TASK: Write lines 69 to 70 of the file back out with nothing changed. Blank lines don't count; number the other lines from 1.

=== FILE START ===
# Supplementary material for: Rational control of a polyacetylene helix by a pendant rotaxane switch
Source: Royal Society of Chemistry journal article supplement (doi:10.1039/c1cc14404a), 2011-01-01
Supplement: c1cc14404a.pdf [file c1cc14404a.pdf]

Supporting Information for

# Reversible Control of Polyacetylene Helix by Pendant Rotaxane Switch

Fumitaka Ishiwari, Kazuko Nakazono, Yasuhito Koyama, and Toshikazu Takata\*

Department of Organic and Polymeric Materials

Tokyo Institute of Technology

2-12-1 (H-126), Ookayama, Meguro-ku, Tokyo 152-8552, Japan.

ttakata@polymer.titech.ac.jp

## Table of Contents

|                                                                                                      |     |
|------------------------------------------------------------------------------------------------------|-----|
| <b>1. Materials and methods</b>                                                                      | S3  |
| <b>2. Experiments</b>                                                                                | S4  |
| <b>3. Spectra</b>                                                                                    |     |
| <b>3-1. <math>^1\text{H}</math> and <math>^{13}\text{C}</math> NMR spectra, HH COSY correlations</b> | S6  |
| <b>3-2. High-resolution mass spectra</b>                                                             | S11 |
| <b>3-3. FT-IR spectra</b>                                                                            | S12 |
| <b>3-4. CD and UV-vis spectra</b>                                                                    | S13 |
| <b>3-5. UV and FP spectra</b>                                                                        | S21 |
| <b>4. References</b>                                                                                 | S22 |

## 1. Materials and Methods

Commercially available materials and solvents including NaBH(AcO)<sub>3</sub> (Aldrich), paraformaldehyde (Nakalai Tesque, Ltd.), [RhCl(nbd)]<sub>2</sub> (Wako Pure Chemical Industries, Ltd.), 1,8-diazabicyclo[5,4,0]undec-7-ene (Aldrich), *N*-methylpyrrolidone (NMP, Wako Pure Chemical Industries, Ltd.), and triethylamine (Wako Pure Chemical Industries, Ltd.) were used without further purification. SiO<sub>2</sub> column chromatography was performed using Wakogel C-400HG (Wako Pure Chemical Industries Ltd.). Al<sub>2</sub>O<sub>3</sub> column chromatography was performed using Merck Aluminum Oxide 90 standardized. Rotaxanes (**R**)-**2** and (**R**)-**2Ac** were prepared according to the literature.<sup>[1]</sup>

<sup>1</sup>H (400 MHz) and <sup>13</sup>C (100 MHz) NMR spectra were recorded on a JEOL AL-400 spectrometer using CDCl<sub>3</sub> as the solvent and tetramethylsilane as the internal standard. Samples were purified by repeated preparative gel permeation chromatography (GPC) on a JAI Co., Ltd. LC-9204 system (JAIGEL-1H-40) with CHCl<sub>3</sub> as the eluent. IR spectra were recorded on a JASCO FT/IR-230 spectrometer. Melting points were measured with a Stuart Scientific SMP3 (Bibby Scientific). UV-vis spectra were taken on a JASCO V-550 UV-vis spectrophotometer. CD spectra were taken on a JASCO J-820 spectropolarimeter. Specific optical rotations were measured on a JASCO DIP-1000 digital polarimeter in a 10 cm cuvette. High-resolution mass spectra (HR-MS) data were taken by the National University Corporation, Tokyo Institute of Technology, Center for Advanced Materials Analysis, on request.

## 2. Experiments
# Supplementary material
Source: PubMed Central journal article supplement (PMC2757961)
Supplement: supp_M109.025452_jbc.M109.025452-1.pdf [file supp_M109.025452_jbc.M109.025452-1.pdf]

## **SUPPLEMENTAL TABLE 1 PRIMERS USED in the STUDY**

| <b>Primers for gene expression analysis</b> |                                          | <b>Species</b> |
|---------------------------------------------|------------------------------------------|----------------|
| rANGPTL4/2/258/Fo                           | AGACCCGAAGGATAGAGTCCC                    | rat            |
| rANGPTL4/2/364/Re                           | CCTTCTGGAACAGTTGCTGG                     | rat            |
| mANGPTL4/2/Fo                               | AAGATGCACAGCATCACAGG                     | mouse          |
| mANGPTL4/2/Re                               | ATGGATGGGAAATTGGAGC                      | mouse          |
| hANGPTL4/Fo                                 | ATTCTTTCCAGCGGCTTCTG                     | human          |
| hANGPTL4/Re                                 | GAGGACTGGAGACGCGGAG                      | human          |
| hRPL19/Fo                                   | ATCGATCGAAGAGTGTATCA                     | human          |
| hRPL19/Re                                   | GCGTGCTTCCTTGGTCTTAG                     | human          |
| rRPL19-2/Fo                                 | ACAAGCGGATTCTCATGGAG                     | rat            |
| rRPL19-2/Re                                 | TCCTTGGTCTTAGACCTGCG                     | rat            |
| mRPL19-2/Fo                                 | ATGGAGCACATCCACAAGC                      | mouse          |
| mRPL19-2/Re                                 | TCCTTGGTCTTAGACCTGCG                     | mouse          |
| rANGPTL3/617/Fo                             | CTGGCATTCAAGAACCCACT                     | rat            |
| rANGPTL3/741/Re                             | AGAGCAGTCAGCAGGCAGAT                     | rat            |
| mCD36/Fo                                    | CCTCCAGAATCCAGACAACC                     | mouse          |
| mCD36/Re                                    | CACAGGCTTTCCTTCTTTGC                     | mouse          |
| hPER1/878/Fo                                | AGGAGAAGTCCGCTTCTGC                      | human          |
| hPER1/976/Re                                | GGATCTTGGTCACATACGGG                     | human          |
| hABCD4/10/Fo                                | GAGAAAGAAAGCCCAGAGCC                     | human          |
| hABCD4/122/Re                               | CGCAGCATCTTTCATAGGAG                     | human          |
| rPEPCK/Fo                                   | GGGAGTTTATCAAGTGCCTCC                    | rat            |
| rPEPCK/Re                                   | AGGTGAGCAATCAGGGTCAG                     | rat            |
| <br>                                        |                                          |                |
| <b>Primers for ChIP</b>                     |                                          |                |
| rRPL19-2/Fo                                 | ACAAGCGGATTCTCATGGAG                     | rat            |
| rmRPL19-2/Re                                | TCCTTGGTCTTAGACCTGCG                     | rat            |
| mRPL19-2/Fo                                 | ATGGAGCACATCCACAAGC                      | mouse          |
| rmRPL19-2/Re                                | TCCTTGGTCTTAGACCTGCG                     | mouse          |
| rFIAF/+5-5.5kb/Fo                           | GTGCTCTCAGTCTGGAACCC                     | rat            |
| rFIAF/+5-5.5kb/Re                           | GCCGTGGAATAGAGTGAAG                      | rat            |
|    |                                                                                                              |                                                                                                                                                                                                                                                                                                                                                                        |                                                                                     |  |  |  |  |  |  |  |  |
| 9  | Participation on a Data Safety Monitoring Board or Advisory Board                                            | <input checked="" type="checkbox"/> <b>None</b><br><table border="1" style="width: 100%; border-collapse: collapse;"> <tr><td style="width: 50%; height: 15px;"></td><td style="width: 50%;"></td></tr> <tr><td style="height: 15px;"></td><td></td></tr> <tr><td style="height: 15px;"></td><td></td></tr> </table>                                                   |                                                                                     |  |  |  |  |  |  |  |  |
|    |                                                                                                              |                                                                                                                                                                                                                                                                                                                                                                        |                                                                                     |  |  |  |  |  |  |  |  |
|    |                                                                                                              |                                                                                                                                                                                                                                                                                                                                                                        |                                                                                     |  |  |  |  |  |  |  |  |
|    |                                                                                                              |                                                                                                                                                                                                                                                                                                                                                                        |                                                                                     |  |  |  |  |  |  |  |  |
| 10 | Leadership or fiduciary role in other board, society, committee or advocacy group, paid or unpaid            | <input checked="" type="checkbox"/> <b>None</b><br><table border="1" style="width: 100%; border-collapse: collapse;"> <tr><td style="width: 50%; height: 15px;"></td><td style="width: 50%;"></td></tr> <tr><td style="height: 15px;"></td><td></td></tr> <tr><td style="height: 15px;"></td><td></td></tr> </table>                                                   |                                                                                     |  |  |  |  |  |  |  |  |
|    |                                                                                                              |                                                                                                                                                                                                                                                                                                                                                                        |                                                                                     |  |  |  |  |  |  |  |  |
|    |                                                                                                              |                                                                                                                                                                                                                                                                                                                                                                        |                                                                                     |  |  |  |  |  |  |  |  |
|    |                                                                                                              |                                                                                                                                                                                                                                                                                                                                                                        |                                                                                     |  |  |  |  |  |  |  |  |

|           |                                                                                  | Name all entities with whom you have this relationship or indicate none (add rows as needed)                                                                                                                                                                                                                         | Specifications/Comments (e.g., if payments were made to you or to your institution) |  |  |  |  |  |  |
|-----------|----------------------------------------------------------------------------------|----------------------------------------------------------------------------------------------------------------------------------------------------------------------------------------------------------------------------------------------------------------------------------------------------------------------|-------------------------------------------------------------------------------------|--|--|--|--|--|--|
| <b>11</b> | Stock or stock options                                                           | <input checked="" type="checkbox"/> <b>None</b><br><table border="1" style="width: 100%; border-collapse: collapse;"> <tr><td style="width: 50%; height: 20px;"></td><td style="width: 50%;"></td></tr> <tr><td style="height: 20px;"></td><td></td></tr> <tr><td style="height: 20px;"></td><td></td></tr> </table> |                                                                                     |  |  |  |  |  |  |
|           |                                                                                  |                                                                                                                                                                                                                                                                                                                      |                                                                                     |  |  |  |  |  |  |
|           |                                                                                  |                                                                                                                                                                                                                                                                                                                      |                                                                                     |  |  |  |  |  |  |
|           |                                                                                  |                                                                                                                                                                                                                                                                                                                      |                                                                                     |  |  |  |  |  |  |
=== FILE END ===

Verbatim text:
|    |                                                                                                              |                                                                                                                                                                                                                                                                                                                                                                        |                                                                                     |  |  |  |  |  |  |  |  |
|    |                                                                                                              |                                                                                                                                                                                                                                                                                                                                                                        |                                                                                     |  |  |  |  |  |  |  |  |